One of the most desirable improvements to add to your home is a kitchen extension. Unfortunately, it also seems like one of the most expensive and unobtainable additions to a house. However, a kitchen extension can be a cost effective way of adding space to your house and re-configuring the way that you use the space.
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- The cost of building work
- Kitchen costs
- Professional fees
- Planning application costs
- Kitchen extension design details
Plan around £1,500 per m² for building work, although higher specification finishes can increase costs up to £3,000 per m², plus £1,400 to £1,800 per metre for bi-fold doors. ‘Small extensions under 15-20m² achieve no economies of scale, so costs are higher per square metre,’ says experienced renovator Michael Holmes. ‘Difficult ground conditions, such as clay, peat, nearby trees or slopes, will increase foundation costs: ask a structural engineer (find one at istructe.org) and your local authority building control for an idea of likely foundation type.’
Budget from £17 per m² to £144 per m², bearing in mind that costs can be much higher for a bespoke option. The costs of the design work may be included in what you spend on the kitchen itself, or reflected in your total architect fees.
- Design fees for a kitchen extension will range from three to seven per cent of the overall build cost, with a minimum of around £2,400 to £3,600 for the planning drawings.
- A measured survey of the existing house will cost from £500 to £1,500, depending on the size of the property.
- The fee for construction drawings that are sufficient to build from (and for building regulations approval) will typically cost the same as planning drawings, with a minimum of £2,400 to £3,600.
- Structural engineer’s fees will range from £500 to £1,000, and are necessary to design the foundations, roof, any large span openings and structural alterations to the existing house.
Michael suggests: ‘Agreeing an all-in rate, plus reasonable expenses and disbursements, gives greater control of costs for planning and construction design. If the architectural designer is retained to help put the project out to tender and appoint the builder under a formal contract, as well as to provide contract administration services, the fee will typically be a further three to seven per cent of the total contract value. For a more ad hoc site attendance, service troubleshooting or adding design detail during the build, it is reasonable to agree a daily or hourly rate.’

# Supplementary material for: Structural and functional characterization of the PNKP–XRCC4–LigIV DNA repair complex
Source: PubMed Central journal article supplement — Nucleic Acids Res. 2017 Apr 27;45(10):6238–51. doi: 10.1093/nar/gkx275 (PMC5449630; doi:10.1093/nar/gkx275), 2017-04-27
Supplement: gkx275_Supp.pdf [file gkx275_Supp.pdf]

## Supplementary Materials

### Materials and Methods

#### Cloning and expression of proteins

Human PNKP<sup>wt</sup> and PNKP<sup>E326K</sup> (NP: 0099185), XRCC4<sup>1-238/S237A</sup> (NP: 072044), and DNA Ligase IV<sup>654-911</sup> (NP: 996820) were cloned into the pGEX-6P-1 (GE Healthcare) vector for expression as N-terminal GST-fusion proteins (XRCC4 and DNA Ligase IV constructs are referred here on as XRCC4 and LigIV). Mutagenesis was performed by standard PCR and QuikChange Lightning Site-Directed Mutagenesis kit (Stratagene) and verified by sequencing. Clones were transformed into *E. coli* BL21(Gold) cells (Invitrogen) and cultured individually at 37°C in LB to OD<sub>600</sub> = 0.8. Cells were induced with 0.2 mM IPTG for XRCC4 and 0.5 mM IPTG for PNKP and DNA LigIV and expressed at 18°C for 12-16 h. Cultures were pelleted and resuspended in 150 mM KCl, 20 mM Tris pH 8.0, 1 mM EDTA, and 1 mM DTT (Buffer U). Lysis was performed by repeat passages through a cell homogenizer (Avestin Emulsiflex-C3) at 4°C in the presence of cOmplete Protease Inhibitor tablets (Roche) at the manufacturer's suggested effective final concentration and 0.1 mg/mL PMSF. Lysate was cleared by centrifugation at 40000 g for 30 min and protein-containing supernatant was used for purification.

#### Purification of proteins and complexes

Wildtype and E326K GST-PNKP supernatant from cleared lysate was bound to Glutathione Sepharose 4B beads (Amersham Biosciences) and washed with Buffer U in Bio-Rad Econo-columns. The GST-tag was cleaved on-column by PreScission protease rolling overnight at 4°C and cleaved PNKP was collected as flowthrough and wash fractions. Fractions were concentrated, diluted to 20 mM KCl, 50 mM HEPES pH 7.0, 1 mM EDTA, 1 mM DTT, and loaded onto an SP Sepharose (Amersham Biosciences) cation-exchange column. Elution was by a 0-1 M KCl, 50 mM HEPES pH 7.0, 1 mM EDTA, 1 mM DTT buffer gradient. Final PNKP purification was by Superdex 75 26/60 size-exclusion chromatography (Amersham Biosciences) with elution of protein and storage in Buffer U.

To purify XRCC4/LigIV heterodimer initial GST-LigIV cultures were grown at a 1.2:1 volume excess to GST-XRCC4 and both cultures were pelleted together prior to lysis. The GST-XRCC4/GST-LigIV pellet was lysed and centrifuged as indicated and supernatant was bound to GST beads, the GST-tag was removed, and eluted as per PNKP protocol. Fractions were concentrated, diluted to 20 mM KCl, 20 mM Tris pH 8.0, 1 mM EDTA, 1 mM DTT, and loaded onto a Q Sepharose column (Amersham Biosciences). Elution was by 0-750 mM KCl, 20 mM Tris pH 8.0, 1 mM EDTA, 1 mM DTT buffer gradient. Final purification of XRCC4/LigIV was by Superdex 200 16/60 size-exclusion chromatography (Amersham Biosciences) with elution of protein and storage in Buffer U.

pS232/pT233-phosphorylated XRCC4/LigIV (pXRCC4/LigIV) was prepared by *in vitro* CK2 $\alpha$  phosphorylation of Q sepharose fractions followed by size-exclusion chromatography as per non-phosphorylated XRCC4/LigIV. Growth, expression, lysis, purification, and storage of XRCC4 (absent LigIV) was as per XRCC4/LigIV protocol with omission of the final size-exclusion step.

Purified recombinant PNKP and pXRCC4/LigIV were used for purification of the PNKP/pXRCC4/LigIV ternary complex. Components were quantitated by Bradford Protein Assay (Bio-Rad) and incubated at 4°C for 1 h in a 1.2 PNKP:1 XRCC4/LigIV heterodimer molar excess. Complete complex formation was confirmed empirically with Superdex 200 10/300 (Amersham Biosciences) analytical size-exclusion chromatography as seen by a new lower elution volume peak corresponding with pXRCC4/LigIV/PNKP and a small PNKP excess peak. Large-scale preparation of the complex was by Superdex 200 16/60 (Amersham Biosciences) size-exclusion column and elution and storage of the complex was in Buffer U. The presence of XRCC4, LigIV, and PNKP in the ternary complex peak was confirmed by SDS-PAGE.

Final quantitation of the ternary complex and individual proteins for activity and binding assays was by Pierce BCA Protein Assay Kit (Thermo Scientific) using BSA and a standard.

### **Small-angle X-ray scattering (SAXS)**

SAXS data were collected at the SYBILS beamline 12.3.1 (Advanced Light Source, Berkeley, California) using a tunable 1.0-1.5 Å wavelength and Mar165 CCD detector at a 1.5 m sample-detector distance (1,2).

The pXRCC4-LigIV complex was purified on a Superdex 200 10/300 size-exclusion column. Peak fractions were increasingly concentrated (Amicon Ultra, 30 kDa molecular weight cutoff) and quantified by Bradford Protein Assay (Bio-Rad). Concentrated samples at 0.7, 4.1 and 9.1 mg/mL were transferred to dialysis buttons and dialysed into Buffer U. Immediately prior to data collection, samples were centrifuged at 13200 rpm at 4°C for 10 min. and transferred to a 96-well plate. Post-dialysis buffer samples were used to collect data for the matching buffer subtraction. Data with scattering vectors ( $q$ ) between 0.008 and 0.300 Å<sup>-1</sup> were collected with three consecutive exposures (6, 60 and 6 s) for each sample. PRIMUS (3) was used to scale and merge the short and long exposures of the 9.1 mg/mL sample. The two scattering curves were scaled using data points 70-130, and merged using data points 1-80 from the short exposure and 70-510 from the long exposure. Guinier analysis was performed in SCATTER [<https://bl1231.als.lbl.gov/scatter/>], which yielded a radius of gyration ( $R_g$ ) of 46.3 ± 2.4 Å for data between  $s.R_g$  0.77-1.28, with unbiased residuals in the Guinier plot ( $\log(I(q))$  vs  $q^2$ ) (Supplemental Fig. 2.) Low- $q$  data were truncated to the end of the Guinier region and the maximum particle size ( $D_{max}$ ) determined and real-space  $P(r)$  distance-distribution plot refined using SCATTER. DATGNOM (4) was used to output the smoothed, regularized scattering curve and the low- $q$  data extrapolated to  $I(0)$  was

For a householder planning application, the fee is currently £172 in England, £192 in Scotland, £166 in Wales and £285 in NI. In England, a certificate of lawful development costs £86 (if in Scotland, Wales or NI, ask your local authority). If your extension requires planning permission, you may need the following additional reports:
- If your project affects trees, a tree report, at a cost of £720 upwards.
- If your home is within a flood zone, a flood risk assessment: £720 upwards.
- Many local authorities require an ecology report: from £720 upwards.
- In areas of archaeological interest, an archaeological report based on a watching brief during excavation: this can cost several thousand pounds.
- If your home is listed, a historic building report is likely to be required.
A scheme from a lighting designer can be well worthwhile. ‘Operate ambient, accent and task lighting on different circuits, for control of zones and the freedom to alter the mood,’ says Luke Thomas, associate at John Cullen, which charges from £102 per hour’s consultation.
Polished concrete is on trend and hardwearing. ‘It can be laid both internally and externally, giving spaces impact,’ says Jonathan Reid, director of GreyMatter Concrete. Expect to pay from £120 to £144 per m² for a 50m² 10cm-thick floor.
Tiles are an excellent way to make a statement. ‘There are so many options, from rustic terracotta to hand-poured encaustic tiles,’ says Harriet Roberts, co-founder of Bert & May, which offers reclaimed tiles, with prices starting from £72 per m².
Fees for building regulations approval will depend on the size of extension. ‘They are likely to range from £250 for a project of 1-10m² and £900 for 80-100m²,’ says Michael.
A chartered surveyor can arrange party wall agreements for you. ‘This will typically cost from £700 to £1,000 per neighbour,’ says Michael. ‘If your neighbour formally consents to the works, you can avoid having a party wall settlement and save on the fees.’ (See planningportal.gov.uk for details.)
‘If you have a relatively new and energy-efficient boiler, check whether it is powerful enough to handle the additional heating demand,’ advises Michael. ‘If your boiler is more than 10 years old, consider replacing it, as a more energy-efficient design will help offset the cost.’ A straightforward gas boiler replacement will typically cost around £2,300, according to the Energy Saving Trust.
Wall finishes and painting, including minimal tiling, cost from around £77 per m². The budget for flooring, laid, is usually around £24 to £52 per m².
‘Decorating is one of the easier DIY tasks for those looking to reduce costs,’ says Michael. ‘Skilled decorators tend to spend more time prepping than painting and this makes all the difference to the finish, so if you plan to decorate, don’t cut corners on sanding, filling, priming and undercoating.’
‘Tiling is a skilled job and, given the high cost of tiles, is not one to complete on a DIY basis unless you have the skill, time and a good quality tile cutter.’
‘Second-fix carpentry is another good area for the skilled DIYer,’ adds Michael. ‘Laying wooden flooring, hanging doors, installing skirting and architrave and fitting the kitchen itself are achievable tasks. Fitting worktops requires more skill and the correct tools for cutting out sinks.’